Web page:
Prediction of Oswestry Disability Index (ODI) Using PROMIS-29 in a National Sample of Lumbar Spine Surgery Patients

Qual Life Res. 2019 Oct;28(10):2839-2850. doi: 10.1007/s11136-019-02223-8. Epub 2019 Jun 6.

Abstract

Purpose: The primary purpose was to examine the measurement properties of the PROMIS-29 to better understand its use in patients undergoing spine surgery. A secondary objective was to calculate a predictive equation between PROMIS-29 and ODI, to allow clinicians and researchers to determine a predicted ODI score based on PROMIS short form scores.

Methods: 719 patients with PROMIS v2.0 and ODI responses were queried from the quality outcomes database. Validity was assessed using coefficient omega, ceiling/floor effects, and confirmatory factor analysis. Multivariable regression predicting ODI scores from PROMIS-29 domains was used to create a predictive equation. Predicted ODI scores were plotted against ODI scores to determine how well PROMIS-29 domains predicted ODI.

Results: Results showed good reliability and validity of PROMIS-29 in patients undergoing lumbar spine surgery: convergent and discriminant validity, low floor/ceiling effects, and unidimensional domains. The conversion equation used 6 PROMIS-29 domains (ODI% = 37.847- 1.475*[PFraw] + 1.842*[PAINraw] + 0.557*[SDraw] - 0.642*[SRraw] + 0.478*[PIraw] + 0.295*[DEPraw]). Correlation between the predicted and actual ODI scores was R = 0.88, R2 = 0.78, suggesting that the equation predicted ODI scores that are strongly correlated with actual ODI scores.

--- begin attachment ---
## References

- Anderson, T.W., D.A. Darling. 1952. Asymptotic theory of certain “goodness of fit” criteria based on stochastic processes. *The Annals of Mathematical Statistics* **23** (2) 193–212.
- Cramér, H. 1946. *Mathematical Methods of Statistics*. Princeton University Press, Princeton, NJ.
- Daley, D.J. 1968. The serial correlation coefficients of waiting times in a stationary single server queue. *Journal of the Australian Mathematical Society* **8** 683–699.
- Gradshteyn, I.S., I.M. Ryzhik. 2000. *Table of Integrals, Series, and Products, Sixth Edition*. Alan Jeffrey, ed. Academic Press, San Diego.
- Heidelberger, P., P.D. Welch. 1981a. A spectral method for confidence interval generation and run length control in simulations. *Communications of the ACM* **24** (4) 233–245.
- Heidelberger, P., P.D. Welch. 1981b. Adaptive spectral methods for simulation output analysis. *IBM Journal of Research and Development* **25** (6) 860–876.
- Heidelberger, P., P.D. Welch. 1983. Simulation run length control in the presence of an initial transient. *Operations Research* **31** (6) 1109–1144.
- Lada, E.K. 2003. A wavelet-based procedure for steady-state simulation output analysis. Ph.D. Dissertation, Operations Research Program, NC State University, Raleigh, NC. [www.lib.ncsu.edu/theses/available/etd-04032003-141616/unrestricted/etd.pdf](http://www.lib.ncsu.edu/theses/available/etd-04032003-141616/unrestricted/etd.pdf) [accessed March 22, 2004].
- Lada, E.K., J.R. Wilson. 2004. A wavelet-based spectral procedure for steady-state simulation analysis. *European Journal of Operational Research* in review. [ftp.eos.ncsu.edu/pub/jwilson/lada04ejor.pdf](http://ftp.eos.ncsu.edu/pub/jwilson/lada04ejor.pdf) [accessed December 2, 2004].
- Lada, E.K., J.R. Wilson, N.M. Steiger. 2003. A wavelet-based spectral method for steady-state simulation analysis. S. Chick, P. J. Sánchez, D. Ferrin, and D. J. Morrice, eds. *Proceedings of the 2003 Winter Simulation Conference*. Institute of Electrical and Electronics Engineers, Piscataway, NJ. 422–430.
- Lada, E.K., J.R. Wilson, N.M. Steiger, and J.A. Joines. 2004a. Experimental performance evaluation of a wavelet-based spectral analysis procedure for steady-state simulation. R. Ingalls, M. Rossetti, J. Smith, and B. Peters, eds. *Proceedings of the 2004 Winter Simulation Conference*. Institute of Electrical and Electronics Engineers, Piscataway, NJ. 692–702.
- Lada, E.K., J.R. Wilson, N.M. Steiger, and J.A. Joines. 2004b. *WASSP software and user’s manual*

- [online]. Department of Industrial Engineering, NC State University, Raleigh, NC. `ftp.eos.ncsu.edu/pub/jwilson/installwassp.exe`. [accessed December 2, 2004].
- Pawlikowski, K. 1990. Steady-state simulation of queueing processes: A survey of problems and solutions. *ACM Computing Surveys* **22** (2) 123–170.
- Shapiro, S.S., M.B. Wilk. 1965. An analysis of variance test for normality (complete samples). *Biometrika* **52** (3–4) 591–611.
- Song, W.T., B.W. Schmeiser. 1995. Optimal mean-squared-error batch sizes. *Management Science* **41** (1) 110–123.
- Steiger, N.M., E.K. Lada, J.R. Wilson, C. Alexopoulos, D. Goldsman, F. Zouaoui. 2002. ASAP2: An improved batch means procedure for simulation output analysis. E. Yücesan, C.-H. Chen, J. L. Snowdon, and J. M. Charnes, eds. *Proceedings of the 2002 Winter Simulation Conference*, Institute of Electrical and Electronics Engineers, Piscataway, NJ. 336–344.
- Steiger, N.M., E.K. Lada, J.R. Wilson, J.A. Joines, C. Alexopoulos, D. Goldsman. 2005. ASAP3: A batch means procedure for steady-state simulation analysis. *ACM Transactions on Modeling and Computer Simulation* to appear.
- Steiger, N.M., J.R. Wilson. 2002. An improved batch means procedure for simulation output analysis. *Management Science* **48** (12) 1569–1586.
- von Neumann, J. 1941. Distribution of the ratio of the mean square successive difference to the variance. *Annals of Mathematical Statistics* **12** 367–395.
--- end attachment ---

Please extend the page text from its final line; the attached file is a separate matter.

Conclusions: Good measurement properties support the use of PROMIS-29 in spine surgery patients. Findings suggest accurate ODI scores can be derived from PROMIS-29 domains. Clinicians who want to move from ODI to PROMIS-29 can use this equation to obtain estimated ODI scores when only collecting PROMIS-29. These results support the idea that PROMIS-29 domains have the potential to replace disease-specific traditional PROMs.

Keywords: Oswestry Disability Index; PROMIS-29; Patient-reported outcomes; Spine surgery.

MeSH terms

  • Female
  • Humans
  • Lumbar Vertebrae / surgery*
  • Male
  • Middle Aged
  • Neurosurgical Procedures / methods*
  • Patient Reported Outcome Measures
  • Quality of Life / psychology*
  • Reproducibility of Results